The following editorial appeared Tuesday in the Vancouver (Wash.) Columbian.
Congratulations to Sen. Maria Cantwell, D-Wash., and U.S. Rep. Brian Baird, D-Vancouver, for shepherding through Congress last Friday night and early Saturday morning an extension of the sales-tax deduction.
The deduction, implemented in 2004, makes perfect sense. It allows taxpayers in eight states that have sales tax but no state income tax to deduct sales taxes from federal income taxes, because taxpayers in states with state income taxes (such as Oregon) may deduct those state income taxes from their federal tax bill.
Washingtonians are projected to save about $500 million in federal taxes next year. Cantwell has said that savings from this and other extended deductions will amount to about $600 per family.
While celebrating the extension, however, let’s also recognize how this legislation’s history symbolized the absurd partisanship that made the 109th Congress so embarrassingly dysfunctional prior to its adjournment at 5 a.m. EST Saturday.
One needs to look no further than the final votes – 367-45 in the House and 79-9 in the Senate – to see how easy it should have been to extend this deduction. Add the fact that seven of the eight affected states were “red” states prior to Nov. 7, plus the fact that the Republican-controlled 109th Congress should have eagerly gulped down these tax breaks, and any delay becomes even more ridiculous.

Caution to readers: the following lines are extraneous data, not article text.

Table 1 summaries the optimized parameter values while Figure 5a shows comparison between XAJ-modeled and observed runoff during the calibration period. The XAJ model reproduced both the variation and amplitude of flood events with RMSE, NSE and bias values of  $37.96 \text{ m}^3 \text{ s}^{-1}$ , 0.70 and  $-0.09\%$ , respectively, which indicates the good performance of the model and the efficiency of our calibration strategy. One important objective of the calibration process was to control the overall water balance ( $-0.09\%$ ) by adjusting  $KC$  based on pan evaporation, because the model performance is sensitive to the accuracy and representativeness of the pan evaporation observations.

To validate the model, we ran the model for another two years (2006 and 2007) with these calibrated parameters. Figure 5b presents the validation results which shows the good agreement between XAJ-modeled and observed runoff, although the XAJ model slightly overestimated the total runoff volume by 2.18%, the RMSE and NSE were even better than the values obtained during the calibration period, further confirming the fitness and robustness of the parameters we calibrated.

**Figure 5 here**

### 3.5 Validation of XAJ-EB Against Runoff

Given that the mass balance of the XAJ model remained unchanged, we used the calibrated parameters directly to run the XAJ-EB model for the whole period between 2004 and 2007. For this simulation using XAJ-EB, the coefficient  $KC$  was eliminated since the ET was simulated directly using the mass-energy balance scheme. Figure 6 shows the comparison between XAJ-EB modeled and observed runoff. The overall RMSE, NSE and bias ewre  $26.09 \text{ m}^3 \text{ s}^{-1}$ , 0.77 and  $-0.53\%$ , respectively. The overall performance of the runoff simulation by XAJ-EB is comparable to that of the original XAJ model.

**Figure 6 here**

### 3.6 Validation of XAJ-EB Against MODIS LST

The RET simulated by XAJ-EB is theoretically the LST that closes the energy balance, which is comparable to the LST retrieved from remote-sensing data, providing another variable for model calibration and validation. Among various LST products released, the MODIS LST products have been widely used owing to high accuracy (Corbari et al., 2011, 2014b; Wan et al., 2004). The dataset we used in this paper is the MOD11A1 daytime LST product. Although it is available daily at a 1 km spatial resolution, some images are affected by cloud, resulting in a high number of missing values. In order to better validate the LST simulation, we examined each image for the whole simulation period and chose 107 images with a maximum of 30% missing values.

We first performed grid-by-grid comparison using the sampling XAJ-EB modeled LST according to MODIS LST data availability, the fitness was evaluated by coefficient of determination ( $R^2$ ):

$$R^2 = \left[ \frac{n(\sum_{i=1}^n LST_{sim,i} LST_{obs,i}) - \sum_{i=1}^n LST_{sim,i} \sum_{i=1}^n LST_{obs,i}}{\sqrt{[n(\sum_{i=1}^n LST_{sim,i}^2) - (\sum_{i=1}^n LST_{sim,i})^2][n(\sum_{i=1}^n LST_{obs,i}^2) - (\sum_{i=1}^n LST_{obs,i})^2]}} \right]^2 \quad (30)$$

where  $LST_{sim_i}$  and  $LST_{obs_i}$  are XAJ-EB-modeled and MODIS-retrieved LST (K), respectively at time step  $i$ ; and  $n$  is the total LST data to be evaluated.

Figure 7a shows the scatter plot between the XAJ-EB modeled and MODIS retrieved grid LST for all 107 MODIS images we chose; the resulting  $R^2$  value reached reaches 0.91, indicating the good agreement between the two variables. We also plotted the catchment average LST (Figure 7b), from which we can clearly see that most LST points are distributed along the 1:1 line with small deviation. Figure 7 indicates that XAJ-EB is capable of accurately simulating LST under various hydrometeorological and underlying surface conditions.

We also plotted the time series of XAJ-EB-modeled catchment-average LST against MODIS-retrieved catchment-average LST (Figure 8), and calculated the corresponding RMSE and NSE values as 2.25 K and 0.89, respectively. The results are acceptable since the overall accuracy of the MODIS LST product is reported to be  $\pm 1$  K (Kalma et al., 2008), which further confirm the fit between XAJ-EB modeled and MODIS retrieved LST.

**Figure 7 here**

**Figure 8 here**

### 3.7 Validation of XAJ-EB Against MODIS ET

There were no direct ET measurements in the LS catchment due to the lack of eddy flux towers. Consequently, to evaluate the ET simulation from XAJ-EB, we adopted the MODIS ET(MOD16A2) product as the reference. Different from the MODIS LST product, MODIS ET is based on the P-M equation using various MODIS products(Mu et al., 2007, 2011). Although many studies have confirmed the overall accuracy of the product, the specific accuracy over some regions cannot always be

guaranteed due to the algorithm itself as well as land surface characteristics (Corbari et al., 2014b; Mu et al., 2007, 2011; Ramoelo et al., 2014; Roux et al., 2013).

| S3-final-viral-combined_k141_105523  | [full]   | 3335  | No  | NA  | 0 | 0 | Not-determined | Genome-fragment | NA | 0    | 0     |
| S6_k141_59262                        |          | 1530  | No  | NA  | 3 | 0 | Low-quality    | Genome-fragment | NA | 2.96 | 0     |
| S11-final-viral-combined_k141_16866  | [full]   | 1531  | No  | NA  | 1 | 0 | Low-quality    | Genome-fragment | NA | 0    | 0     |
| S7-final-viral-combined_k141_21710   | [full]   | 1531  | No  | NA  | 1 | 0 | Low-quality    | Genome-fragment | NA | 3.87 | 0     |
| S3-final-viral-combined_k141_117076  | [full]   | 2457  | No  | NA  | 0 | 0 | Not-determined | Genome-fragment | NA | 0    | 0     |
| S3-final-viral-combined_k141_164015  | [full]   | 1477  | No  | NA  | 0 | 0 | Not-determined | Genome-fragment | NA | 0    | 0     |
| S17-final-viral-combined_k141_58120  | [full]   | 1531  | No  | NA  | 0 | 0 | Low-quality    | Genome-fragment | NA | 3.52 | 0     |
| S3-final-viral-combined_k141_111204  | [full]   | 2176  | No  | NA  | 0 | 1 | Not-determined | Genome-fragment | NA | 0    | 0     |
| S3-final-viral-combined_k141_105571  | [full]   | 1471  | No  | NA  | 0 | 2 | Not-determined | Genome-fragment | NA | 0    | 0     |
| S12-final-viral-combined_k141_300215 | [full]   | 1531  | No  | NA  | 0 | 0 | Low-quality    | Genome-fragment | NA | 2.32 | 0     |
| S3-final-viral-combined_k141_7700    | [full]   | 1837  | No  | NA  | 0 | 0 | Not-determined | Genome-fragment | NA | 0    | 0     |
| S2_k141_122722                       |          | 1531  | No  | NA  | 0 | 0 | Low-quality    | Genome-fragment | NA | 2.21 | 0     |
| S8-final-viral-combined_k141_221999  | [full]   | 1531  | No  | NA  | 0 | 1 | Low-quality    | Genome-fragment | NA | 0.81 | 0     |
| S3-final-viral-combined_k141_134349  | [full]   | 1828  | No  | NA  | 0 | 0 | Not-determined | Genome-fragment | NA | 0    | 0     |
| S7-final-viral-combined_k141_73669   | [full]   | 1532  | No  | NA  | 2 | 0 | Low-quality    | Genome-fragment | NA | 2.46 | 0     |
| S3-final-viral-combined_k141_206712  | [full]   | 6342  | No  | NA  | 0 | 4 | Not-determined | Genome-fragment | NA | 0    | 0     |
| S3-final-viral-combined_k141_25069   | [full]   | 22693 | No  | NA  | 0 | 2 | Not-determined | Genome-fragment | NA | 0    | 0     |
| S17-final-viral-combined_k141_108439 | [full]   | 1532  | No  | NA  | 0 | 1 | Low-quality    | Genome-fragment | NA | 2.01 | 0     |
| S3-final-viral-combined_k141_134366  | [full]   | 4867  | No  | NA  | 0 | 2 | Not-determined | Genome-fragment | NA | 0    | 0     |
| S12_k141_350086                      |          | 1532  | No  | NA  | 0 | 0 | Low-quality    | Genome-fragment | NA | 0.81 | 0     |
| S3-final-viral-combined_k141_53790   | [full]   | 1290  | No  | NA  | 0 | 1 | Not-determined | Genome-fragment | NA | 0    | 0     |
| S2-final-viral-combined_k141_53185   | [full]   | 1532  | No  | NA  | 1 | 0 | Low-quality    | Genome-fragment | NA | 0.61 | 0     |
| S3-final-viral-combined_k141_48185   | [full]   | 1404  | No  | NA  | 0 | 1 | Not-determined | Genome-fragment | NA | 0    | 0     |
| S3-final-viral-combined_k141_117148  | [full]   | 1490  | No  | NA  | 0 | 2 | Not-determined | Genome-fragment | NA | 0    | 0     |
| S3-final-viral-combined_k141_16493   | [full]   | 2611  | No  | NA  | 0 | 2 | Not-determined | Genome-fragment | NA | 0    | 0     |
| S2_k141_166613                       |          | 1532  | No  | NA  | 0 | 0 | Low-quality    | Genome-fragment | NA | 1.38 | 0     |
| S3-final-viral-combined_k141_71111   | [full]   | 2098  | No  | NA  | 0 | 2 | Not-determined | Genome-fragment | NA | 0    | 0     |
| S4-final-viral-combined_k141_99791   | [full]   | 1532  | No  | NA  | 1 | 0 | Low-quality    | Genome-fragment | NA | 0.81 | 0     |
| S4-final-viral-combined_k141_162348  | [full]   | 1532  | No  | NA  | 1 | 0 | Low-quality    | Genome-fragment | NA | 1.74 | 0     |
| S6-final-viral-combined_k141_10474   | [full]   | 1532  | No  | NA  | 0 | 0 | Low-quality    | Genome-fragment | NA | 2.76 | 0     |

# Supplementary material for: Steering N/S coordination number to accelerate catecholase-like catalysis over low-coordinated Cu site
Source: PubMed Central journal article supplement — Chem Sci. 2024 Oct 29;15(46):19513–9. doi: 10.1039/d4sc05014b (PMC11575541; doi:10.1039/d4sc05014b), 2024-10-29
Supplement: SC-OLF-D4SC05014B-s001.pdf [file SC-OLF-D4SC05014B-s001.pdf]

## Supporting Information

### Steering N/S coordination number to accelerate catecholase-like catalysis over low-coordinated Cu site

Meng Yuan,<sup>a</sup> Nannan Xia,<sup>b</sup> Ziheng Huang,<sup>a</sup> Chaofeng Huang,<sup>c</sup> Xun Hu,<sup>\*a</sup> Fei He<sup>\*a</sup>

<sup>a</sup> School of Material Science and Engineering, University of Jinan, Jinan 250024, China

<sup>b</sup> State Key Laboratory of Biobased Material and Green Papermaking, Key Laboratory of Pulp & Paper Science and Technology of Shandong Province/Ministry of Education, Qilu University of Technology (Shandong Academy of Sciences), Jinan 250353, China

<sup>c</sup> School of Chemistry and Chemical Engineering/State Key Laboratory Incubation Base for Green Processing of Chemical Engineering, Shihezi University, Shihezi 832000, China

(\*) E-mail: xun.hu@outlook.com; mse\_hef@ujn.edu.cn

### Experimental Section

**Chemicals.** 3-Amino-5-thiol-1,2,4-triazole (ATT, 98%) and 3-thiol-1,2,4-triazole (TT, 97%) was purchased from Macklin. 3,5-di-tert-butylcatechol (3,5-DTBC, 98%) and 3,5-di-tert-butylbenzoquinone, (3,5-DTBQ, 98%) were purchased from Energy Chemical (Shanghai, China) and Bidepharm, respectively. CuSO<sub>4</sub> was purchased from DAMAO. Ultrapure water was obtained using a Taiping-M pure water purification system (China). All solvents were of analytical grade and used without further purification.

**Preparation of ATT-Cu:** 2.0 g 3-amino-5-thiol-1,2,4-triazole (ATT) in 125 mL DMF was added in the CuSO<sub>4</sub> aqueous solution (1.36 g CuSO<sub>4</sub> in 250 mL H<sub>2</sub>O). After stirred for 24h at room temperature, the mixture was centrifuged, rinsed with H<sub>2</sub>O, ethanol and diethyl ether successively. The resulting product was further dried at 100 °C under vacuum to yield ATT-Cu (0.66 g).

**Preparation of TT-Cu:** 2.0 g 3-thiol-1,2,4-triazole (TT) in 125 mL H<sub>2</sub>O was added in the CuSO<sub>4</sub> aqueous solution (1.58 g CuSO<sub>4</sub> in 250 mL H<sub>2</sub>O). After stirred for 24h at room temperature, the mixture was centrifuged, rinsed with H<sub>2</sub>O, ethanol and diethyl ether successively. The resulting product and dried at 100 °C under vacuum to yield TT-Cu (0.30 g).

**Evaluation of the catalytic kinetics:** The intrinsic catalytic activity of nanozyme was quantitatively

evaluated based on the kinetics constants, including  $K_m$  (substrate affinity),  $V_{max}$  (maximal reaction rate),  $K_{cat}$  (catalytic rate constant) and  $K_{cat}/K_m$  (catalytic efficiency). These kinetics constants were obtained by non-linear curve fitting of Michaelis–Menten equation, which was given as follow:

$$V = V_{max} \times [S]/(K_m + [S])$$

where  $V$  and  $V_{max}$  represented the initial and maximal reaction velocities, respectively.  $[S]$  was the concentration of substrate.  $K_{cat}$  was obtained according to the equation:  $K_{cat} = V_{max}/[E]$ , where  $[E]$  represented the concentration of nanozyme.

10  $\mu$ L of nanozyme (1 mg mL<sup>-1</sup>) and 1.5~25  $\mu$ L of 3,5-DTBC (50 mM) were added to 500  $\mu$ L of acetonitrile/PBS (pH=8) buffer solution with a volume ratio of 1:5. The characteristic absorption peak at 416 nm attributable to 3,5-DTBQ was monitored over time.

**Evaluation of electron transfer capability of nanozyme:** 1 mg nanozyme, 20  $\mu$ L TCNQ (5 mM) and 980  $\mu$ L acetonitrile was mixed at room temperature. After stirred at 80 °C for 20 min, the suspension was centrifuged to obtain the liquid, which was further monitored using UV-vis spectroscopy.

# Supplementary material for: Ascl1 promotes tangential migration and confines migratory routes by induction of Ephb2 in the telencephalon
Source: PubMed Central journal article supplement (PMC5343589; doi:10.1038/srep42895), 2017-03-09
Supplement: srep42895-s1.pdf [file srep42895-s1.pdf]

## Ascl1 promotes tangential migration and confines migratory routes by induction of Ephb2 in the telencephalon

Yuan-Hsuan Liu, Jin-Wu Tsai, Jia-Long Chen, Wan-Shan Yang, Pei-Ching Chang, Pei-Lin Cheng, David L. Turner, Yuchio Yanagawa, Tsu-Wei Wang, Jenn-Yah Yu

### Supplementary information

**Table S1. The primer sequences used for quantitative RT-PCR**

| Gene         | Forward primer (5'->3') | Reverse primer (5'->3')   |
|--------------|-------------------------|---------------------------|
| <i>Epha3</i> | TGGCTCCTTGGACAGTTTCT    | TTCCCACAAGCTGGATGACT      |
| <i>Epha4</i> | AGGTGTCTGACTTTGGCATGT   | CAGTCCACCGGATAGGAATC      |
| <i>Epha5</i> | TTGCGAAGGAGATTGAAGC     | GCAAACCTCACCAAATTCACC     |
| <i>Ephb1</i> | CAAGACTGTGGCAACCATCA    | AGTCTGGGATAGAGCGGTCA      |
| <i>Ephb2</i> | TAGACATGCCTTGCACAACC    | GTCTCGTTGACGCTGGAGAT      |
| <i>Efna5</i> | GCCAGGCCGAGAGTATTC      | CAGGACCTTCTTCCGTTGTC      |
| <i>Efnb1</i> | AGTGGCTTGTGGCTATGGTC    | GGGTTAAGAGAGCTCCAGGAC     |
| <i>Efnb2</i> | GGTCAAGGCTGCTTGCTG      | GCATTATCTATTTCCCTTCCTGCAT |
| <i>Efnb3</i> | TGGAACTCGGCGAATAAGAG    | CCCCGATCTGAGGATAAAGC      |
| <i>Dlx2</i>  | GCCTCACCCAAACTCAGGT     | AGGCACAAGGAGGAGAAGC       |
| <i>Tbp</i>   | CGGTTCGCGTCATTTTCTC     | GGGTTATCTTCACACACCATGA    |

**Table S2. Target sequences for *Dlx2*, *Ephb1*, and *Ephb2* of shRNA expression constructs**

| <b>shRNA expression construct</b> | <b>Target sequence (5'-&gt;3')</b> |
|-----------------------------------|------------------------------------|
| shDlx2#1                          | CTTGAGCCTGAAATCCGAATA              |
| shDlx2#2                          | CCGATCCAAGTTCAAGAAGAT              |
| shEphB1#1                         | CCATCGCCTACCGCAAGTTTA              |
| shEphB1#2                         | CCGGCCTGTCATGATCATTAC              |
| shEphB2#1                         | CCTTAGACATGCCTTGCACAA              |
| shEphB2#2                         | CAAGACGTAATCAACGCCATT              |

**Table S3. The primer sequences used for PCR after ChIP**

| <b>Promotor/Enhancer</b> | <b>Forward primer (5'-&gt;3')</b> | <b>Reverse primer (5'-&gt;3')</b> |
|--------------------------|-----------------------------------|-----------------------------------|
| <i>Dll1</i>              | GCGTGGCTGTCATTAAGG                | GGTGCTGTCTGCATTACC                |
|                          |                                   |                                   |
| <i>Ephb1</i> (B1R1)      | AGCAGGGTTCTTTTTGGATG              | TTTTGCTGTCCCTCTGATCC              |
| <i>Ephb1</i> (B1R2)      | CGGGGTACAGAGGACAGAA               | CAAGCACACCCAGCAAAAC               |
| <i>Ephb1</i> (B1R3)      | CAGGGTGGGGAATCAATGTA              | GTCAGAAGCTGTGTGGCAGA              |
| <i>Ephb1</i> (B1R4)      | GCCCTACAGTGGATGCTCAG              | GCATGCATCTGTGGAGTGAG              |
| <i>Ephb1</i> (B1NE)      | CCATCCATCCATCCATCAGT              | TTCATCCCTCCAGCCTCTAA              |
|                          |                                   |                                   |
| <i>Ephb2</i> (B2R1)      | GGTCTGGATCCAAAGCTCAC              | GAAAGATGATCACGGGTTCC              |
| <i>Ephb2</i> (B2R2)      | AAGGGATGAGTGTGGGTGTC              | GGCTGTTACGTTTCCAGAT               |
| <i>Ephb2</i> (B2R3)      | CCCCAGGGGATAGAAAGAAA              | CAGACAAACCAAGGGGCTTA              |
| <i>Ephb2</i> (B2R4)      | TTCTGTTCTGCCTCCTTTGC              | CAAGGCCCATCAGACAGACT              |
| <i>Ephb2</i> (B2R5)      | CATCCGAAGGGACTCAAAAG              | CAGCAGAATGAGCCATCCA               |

Yet Republicans had insisted on tying passage of the deduction to other unrelated measures, such as permanent repeal of the federal estate tax.
President Bush should sign the measure quickly, so that the eminently logical sales-tax deduction is extended. In fact, the 110th Congress should make the deduction permanent. But don’t hold your breath. If it’s anything like the 109th Congress, the new group will connect sales-tax deduction to the creation of a National Nephews Day or the abolition of the American League’s designated hitter rule or some other absurdity.
Likely, though, the next Congress will be different. It will be controlled by the Democrats, which doesn’t in itself make it automatically better. The new majority will have to prove itself, and it can start by avoiding partisan shenanigans.
Again, kudos to Cantwell and Baird, who helped create the deduction that began in 2004 and then coaxed its extension last week, no thanks to their politically charged congressional colleagues who chose, in vain, to play political games.